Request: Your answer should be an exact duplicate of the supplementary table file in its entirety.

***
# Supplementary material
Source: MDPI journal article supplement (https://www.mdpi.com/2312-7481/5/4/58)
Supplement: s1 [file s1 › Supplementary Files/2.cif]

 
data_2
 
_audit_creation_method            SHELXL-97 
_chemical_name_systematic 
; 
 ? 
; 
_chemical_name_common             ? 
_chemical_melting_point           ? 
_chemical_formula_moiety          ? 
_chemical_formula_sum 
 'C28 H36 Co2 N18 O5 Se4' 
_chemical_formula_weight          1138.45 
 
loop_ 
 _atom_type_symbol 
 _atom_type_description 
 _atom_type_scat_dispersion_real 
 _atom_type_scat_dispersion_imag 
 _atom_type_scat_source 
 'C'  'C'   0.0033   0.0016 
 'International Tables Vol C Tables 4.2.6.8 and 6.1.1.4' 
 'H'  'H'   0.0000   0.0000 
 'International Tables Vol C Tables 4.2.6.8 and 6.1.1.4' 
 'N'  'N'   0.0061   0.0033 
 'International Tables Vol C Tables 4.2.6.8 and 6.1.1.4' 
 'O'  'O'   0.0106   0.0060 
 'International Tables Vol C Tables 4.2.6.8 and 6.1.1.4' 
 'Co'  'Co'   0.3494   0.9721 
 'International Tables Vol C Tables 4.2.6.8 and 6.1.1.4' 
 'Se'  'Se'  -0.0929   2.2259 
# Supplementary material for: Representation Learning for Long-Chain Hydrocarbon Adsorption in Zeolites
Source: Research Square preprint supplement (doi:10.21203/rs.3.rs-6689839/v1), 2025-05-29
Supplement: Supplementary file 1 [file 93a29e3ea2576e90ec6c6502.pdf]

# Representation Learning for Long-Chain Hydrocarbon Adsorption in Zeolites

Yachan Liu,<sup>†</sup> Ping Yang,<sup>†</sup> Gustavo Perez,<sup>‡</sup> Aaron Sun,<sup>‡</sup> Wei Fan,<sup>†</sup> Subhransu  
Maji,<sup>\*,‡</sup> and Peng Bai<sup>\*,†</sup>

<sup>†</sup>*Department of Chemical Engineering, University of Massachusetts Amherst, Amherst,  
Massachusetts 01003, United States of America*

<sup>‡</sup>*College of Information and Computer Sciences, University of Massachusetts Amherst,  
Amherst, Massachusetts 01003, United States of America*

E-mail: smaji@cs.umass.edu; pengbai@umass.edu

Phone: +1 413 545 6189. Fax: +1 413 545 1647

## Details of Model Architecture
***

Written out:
# Supplementary material
Source: MDPI journal article supplement (https://www.mdpi.com/2312-7481/5/4/58)
Supplement: s1 [file s1 › Supplementary Files/2.cif]

 
data_2
 
_audit_creation_method            SHELXL-97 
_chemical_name_systematic 
; 
 ? 
; 
_chemical_name_common             ? 
_chemical_melting_point           ? 
_chemical_formula_moiety          ? 
_chemical_formula_sum 
 'C28 H36 Co2 N18 O5 Se4' 
_chemical_formula_weight          1138.45 
 
loop_ 
 _atom_type_symbol 
 _atom_type_description 
 _atom_type_scat_dispersion_real 
 _atom_type_scat_dispersion_imag 
 _atom_type_scat_source 
 'C'  'C'   0.0033   0.0016 
 'International Tables Vol C Tables 4.2.6.8 and 6.1.1.4' 
 'H'  'H'   0.0000   0.0000 
 'International Tables Vol C Tables 4.2.6.8 and 6.1.1.4' 
 'N'  'N'   0.0061   0.0033 
 'International Tables Vol C Tables 4.2.6.8 and 6.1.1.4' 
 'O'  'O'   0.0106   0.0060 
 'International Tables Vol C Tables 4.2.6.8 and 6.1.1.4' 
 'Co'  'Co'   0.3494   0.9721 
 'International Tables Vol C Tables 4.2.6.8 and 6.1.1.4' 
 'Se'  'Se'  -0.0929   2.2259 
# Supplementary material for: Representation Learning for Long-Chain Hydrocarbon Adsorption in Zeolites
Source: Research Square preprint supplement (doi:10.21203/rs.3.rs-6689839/v1), 2025-05-29
Supplement: Supplementary file 1 [file 93a29e3ea2576e90ec6c6502.pdf]

# Representation Learning for Long-Chain Hydrocarbon Adsorption in Zeolites

Yachan Liu,<sup>†</sup> Ping Yang,<sup>†</sup> Gustavo Perez,<sup>‡</sup> Aaron Sun,<sup>‡</sup> Wei Fan,<sup>†</sup> Subhransu  
Maji,<sup>\*,‡</sup> and Peng Bai<sup>\*,†</sup>

<sup>†</sup>*Department of Chemical Engineering, University of Massachusetts Amherst, Amherst,  
Massachusetts 01003, United States of America*

<sup>‡</sup>*College of Information and Computer Sciences, University of Massachusetts Amherst,  
Amherst, Massachusetts 01003, United States of America*

E-mail: smaji@cs.umass.edu; pengbai@umass.edu

Phone: +1 413 545 6189. Fax: +1 413 545 1647

## Details of Model Architecture